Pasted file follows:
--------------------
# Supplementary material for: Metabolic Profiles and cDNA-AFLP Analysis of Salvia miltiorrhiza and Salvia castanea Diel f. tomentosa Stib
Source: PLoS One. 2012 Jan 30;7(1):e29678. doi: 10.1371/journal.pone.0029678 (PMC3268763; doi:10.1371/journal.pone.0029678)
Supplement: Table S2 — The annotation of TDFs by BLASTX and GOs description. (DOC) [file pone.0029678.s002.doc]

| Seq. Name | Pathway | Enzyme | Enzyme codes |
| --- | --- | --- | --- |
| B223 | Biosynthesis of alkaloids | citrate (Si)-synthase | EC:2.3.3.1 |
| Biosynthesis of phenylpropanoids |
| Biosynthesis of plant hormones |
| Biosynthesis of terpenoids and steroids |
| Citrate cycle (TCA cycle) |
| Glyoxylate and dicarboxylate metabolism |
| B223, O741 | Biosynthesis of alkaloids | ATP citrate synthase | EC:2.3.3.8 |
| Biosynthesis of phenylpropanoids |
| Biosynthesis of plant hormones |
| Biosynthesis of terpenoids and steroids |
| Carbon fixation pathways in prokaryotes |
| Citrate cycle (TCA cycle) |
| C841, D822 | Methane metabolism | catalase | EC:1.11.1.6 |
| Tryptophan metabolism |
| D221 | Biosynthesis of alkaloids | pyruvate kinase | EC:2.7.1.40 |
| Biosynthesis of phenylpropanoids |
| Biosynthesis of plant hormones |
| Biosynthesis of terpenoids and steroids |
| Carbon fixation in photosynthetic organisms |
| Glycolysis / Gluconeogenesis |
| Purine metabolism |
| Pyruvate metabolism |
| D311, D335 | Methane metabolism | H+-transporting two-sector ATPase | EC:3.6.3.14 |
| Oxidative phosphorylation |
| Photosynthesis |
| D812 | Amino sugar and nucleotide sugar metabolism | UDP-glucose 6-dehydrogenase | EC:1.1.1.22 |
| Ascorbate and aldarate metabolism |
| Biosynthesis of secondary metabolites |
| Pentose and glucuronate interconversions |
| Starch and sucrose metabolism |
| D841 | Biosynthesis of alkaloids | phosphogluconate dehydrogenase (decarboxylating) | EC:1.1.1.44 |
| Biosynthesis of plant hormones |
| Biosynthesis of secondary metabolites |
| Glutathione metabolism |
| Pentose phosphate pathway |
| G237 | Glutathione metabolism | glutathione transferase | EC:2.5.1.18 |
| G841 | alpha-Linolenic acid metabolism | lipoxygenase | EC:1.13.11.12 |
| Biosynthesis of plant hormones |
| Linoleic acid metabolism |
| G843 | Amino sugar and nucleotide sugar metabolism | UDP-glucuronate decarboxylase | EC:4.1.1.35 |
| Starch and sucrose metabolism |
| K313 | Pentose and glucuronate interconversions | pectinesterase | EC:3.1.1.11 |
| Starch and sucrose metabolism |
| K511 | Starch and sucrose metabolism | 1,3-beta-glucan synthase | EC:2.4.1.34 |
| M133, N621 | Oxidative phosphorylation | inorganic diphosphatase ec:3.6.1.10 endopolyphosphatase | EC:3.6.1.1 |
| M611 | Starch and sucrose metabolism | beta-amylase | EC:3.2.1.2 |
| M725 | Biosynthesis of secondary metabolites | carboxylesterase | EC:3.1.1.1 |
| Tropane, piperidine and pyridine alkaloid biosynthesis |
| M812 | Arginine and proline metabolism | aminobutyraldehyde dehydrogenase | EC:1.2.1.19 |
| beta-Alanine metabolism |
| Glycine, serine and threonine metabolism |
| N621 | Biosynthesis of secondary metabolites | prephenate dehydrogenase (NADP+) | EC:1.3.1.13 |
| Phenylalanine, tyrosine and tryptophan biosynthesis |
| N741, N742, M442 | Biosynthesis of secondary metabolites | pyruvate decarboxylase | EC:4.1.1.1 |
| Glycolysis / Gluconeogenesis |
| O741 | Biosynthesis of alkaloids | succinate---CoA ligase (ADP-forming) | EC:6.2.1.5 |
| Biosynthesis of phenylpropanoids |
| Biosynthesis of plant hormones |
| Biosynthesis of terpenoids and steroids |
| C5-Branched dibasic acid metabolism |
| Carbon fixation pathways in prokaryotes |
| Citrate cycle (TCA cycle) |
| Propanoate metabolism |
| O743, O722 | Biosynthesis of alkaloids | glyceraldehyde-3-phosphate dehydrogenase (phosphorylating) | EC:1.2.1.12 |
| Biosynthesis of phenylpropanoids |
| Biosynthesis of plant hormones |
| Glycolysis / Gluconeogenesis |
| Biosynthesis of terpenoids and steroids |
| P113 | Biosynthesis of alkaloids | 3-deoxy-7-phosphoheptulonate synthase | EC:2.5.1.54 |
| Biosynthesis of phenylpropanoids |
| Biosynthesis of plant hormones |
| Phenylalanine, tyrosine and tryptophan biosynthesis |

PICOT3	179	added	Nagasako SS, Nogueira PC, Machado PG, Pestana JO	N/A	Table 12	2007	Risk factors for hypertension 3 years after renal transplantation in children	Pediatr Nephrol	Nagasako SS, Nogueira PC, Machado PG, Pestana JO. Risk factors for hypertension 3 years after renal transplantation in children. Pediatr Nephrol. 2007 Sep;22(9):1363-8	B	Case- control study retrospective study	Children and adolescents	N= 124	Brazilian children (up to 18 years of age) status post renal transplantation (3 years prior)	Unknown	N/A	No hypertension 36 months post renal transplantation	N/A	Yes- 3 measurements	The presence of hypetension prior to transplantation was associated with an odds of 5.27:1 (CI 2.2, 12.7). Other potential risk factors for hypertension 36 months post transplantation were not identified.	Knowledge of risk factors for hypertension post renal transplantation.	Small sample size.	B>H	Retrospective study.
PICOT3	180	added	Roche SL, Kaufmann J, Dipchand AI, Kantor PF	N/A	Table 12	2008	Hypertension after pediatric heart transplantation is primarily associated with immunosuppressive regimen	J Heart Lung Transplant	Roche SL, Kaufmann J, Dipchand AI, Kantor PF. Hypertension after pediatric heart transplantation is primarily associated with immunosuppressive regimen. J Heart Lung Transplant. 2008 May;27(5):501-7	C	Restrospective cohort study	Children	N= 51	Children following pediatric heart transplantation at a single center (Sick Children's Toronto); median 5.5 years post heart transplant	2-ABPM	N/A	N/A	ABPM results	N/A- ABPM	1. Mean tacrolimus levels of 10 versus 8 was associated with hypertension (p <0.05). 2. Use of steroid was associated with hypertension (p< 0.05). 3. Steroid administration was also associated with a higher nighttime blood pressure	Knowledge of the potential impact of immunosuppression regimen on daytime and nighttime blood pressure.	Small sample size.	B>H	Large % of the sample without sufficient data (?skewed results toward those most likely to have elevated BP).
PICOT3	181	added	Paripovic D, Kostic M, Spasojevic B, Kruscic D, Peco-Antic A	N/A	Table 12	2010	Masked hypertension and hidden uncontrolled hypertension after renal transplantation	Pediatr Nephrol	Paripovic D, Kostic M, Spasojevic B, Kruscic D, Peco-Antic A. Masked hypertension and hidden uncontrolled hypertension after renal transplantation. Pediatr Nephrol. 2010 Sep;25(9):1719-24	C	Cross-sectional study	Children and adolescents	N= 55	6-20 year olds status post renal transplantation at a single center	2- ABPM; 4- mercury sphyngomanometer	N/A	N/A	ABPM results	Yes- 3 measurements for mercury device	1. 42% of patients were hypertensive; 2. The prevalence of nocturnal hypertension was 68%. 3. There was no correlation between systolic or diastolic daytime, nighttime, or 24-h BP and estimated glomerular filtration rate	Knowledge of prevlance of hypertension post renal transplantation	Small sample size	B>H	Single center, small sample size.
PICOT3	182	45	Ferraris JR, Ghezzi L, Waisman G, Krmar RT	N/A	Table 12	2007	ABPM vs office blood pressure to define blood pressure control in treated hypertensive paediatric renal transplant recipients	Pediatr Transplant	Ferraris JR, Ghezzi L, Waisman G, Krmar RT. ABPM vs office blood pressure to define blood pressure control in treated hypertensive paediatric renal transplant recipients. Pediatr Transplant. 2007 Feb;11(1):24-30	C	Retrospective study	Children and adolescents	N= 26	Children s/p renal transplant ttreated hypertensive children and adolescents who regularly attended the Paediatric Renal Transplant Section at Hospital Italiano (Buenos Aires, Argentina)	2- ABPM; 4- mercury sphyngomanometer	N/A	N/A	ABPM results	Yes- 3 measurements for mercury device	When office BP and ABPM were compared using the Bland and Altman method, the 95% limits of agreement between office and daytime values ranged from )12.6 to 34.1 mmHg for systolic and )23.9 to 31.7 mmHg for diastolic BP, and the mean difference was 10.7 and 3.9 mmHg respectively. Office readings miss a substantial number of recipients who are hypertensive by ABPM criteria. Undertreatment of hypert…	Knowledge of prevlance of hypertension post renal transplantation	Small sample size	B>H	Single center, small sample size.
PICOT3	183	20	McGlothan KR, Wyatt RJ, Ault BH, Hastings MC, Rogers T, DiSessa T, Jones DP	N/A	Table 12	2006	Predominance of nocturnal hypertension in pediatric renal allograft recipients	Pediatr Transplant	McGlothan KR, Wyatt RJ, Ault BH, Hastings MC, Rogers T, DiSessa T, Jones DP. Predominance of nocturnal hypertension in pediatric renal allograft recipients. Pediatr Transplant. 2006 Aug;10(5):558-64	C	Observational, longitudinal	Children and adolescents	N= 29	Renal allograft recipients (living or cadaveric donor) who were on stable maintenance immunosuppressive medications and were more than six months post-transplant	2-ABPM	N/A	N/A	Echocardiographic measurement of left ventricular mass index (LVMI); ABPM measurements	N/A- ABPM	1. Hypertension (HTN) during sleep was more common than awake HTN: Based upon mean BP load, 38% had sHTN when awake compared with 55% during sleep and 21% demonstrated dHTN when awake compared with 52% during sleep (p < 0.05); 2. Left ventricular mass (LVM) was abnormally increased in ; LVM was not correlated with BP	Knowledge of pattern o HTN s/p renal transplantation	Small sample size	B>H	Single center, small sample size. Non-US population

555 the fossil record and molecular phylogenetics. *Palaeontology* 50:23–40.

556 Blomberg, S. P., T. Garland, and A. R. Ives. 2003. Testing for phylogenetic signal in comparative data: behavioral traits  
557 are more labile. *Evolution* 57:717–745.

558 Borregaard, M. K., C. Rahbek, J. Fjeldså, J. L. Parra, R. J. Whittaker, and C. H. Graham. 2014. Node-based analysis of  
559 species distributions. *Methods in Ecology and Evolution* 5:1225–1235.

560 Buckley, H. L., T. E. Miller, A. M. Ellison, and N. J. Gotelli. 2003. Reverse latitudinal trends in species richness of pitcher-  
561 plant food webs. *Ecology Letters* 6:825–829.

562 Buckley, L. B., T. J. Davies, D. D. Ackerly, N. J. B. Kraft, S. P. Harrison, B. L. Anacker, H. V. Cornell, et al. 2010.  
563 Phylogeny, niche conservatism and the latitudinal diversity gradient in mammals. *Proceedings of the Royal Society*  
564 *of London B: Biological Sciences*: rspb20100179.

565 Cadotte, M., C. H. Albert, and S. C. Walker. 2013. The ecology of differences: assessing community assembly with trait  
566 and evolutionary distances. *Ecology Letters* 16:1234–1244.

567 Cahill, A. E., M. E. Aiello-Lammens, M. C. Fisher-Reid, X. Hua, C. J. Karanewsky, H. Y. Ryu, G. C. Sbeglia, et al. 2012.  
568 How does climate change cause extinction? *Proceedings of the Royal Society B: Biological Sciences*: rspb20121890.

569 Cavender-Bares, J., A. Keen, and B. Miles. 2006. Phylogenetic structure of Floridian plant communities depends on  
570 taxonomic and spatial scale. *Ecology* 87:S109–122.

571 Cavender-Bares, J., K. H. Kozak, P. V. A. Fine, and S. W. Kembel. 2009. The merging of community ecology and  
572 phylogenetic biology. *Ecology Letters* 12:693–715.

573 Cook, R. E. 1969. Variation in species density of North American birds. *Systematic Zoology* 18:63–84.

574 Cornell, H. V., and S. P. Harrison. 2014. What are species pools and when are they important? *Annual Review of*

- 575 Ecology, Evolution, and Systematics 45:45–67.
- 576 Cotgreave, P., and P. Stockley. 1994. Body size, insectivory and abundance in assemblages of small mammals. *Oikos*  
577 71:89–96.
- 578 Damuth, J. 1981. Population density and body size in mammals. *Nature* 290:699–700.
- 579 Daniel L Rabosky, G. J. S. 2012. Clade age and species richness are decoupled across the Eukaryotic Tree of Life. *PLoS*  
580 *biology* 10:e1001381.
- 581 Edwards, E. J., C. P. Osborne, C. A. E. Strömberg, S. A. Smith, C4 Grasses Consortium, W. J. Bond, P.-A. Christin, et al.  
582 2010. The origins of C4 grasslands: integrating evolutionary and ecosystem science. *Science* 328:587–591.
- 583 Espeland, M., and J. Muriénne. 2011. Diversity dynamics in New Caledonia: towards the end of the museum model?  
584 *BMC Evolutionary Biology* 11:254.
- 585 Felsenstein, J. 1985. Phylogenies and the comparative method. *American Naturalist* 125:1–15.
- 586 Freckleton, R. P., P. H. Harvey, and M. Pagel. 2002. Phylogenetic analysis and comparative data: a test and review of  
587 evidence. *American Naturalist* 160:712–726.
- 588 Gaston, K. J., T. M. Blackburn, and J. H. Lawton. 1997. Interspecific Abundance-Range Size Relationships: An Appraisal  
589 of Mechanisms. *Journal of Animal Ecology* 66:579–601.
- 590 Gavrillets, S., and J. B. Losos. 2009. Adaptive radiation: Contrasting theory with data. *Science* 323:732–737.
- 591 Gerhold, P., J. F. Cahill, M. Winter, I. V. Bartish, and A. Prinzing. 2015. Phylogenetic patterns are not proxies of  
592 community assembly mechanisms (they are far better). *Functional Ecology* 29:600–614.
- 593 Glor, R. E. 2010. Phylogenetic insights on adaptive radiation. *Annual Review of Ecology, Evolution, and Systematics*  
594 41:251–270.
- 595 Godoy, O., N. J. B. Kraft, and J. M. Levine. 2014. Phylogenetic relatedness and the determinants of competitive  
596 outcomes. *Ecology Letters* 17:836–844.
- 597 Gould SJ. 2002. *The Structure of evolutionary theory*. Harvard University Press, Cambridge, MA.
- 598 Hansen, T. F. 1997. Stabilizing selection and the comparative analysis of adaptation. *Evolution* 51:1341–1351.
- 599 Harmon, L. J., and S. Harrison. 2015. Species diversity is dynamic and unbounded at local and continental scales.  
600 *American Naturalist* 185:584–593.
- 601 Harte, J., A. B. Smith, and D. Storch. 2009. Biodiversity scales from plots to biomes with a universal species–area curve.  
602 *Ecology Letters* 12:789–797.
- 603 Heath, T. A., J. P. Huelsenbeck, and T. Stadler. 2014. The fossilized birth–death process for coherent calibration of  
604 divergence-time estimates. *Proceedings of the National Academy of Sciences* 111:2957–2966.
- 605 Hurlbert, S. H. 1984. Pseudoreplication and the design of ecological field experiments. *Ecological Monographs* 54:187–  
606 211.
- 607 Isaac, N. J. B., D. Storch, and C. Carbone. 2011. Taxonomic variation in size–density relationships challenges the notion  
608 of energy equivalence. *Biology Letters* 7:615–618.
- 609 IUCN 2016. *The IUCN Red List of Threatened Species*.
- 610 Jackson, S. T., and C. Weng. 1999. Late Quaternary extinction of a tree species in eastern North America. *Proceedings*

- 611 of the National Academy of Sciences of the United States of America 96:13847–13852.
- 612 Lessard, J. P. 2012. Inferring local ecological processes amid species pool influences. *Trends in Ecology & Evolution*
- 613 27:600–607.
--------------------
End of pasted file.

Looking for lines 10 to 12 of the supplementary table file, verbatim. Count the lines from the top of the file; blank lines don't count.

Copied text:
| Citrate cycle (TCA cycle) |
| Glyoxylate and dicarboxylate metabolism |
| B223, O741 | Biosynthesis of alkaloids | ATP citrate synthase | EC:2.3.3.8 |